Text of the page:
Given the reality, the central bank should allow purchase of exchange traded futures and options for containment of price volatility risk
Imposition to require approvals from competent authorities means that the very work is being discouraged to do so.
With regards to import of the country, transactions of which are guided by the trade regulations like import policy order in force.
The settlement of payments for the import is subject to the regulatory framework issued by the central bank under the foreign exchange regulations.
The Bangladeshi Taka is convertible on current account transactions under the prevailing foreign exchange regulatory regime.
No permission from the central bank is required to effect payment for transactions under the current account including import payments.
Central bank’s regulations also allow import payment in advance against repayment guarantees provided that such guarantees are acceptable to concerned authorized dealer (AD) banks designed for the transactions.
The prevailing practice for import transactions is to import on bilateral arrangements between importers and suppliers.
Agents at both ends may work to materialize the deals. The payments mode may be on sight basis, or on usance terms in case of the transactions executed under supplier’s/buyer’s credit, depending on the nature of goods.
The underlying documents for imports may be either letters of credit or sales contracts based on the nature of transactions.
Limited scope is available for commercial imports under sales contracts as per import policy order in force.
The arrangement to import in this way is generally known as ‘over the counter’ transactions, price of which is set as per negotiation between parties.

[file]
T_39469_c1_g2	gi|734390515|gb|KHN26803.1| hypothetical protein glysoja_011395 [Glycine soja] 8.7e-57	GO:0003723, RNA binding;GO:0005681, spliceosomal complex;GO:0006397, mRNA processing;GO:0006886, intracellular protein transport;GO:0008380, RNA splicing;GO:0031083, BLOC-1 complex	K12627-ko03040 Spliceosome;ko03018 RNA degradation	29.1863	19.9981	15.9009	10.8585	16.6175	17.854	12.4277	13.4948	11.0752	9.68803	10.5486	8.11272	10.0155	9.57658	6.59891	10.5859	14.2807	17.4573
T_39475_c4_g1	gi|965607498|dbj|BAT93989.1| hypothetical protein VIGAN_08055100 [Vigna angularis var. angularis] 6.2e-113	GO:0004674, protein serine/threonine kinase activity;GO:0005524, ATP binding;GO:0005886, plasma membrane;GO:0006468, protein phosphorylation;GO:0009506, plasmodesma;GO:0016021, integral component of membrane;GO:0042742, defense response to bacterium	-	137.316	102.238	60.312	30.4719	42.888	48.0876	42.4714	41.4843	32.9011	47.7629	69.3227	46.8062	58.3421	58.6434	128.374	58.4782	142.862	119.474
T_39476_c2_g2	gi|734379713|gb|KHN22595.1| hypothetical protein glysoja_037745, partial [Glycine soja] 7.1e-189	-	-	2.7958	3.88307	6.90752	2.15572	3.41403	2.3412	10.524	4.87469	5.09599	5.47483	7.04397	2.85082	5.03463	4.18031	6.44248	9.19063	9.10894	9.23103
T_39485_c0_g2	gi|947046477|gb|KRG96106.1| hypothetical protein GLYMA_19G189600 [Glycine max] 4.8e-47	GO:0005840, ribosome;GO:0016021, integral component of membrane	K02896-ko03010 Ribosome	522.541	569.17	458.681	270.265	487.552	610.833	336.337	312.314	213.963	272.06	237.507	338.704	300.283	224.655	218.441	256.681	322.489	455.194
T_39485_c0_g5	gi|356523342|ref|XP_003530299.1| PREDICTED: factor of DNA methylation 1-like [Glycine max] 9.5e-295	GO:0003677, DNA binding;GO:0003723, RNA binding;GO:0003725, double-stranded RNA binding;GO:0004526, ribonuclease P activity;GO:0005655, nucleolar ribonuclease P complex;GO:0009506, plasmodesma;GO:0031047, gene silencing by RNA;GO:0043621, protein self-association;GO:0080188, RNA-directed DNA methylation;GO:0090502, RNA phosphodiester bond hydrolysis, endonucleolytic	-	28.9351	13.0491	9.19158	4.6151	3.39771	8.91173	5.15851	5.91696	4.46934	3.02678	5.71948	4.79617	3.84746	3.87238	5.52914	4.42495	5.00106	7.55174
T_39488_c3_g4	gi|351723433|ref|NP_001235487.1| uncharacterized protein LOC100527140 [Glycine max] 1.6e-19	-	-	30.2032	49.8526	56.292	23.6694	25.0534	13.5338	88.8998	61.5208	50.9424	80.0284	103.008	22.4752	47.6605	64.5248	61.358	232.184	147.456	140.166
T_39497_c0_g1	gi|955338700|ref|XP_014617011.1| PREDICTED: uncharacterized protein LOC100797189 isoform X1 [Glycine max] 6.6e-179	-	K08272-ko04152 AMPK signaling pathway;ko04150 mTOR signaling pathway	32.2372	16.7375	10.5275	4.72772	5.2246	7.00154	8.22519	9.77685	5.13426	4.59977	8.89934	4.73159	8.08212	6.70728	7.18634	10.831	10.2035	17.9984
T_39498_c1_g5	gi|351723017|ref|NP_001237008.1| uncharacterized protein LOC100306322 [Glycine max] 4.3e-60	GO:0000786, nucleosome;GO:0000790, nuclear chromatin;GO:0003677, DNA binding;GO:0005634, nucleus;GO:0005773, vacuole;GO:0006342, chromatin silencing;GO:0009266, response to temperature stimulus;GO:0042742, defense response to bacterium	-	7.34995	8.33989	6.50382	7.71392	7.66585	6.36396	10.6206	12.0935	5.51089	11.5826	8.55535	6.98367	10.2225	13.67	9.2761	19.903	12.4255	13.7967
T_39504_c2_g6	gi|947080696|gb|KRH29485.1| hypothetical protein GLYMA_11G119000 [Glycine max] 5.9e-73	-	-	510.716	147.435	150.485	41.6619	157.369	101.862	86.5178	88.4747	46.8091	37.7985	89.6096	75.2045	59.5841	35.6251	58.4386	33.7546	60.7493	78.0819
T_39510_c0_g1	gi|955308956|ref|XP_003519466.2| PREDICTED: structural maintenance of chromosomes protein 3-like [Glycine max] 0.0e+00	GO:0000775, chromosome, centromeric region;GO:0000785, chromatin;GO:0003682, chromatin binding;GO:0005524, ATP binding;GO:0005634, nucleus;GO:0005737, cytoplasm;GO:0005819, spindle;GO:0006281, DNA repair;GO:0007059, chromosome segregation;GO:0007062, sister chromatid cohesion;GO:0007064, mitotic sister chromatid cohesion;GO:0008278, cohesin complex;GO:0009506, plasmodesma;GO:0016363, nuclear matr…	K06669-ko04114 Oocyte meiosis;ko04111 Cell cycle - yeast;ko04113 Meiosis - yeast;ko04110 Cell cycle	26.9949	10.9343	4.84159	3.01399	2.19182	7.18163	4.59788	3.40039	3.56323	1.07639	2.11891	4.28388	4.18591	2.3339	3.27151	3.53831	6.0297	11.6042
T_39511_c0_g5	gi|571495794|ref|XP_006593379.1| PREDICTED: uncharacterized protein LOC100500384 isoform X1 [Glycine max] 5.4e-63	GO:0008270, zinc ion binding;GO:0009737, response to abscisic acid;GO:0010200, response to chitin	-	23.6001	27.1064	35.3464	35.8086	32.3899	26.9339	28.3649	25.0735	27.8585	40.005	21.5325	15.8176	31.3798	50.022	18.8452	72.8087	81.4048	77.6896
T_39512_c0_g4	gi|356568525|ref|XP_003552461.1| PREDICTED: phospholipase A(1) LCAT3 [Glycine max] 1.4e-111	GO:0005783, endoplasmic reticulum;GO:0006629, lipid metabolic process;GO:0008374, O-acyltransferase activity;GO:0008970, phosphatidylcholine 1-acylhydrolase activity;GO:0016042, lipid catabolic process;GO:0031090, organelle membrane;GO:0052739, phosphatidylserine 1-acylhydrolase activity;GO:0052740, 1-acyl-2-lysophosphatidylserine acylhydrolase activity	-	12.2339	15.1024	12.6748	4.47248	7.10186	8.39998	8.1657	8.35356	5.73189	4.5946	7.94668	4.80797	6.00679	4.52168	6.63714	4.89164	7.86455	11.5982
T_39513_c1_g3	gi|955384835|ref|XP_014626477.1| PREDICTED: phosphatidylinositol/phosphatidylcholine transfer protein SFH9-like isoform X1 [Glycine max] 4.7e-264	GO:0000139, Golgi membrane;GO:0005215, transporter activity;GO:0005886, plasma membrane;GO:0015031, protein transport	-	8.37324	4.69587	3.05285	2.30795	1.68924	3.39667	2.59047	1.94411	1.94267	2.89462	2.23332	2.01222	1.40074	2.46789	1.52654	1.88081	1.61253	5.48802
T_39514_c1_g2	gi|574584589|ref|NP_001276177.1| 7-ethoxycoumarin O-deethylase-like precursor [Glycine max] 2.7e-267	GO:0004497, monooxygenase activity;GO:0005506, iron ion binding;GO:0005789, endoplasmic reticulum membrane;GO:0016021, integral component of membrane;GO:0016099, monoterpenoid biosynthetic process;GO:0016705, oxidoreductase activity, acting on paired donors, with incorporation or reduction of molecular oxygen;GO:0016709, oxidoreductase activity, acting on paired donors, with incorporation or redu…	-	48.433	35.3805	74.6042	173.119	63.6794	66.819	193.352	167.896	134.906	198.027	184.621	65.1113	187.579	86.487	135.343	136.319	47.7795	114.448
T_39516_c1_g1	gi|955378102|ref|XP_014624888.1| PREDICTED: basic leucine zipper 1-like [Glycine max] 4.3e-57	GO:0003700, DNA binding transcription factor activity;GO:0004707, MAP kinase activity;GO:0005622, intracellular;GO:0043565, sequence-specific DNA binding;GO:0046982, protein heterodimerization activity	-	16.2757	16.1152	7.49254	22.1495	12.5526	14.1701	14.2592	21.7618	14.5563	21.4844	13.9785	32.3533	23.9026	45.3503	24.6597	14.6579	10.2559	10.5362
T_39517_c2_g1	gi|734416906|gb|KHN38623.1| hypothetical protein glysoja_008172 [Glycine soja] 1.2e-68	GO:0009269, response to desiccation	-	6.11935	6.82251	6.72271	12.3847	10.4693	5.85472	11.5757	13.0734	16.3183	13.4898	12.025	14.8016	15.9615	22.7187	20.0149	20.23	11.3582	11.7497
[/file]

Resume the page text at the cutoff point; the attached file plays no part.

In addition to bilateral negotiations, there are commodities exchange houses where commodities are traded.
Standardized contracts like futures, options and such other product-jargons for contracts are transacted in commodities exchange houses.
Different texts define exchange traded futures as a standardized legal agreement to buy or sell commodities at a predetermined price at a specified time in the future.
The deals settled through exchange houses for which arm’s length deals are possible to be executed.
On the other hand, options means a contract which gives its buyer the right, but not the obligation, to buy or sell underlying commodities at a specified price prior to or on a specified date, depending on the form of the option.
There are two basic types of options – call options (buy options) and put options (sales options.)
Options may, besides standardized contracts transacted at exchange houses, be traded between private parties as over the counter transactions.
Operational modalities of commodities exchange houses are to a great extent the same as those of stock exchanges.
The contracts transacted at commodities exchange houses work as price volatility mitigation tools.
The deals through exchange houses may be either ‘deliverable’ or ‘non-deliverable’, meaning that commodities may either be delivered or counterparties settle the difference between the set price and the prevailing spot price.
Though settlement of import payment does not require permission from the central bank, booking of commodities with commodities exchange houses is subject to approval from the central bank.
Approval process seems to be as good as traditional bureaucratic formalities which are time consuming.
Central bank’s regulations tell that AD banks can hedge the price risk of commodities that are traded on exchanges or over the counter of their customers through standard exchange traded futures/options and over the counter derivatives on commodities subject to prior approval.
The regulations state that the use of commodity derivatives will only be permitted when customers have genuine underlying commodity price risk exposure.
This can be monitored by AD banks through checking of the underlying risk exposure documents. Any kind of speculation through the use of commodity derivative instruments will not be permissible.
AD banks must completely hedge the commodity price risk arising from the commodity hedge transactions by booking back to back transactions with banks having international standing or their branches operating in Bangladesh, the regulations note.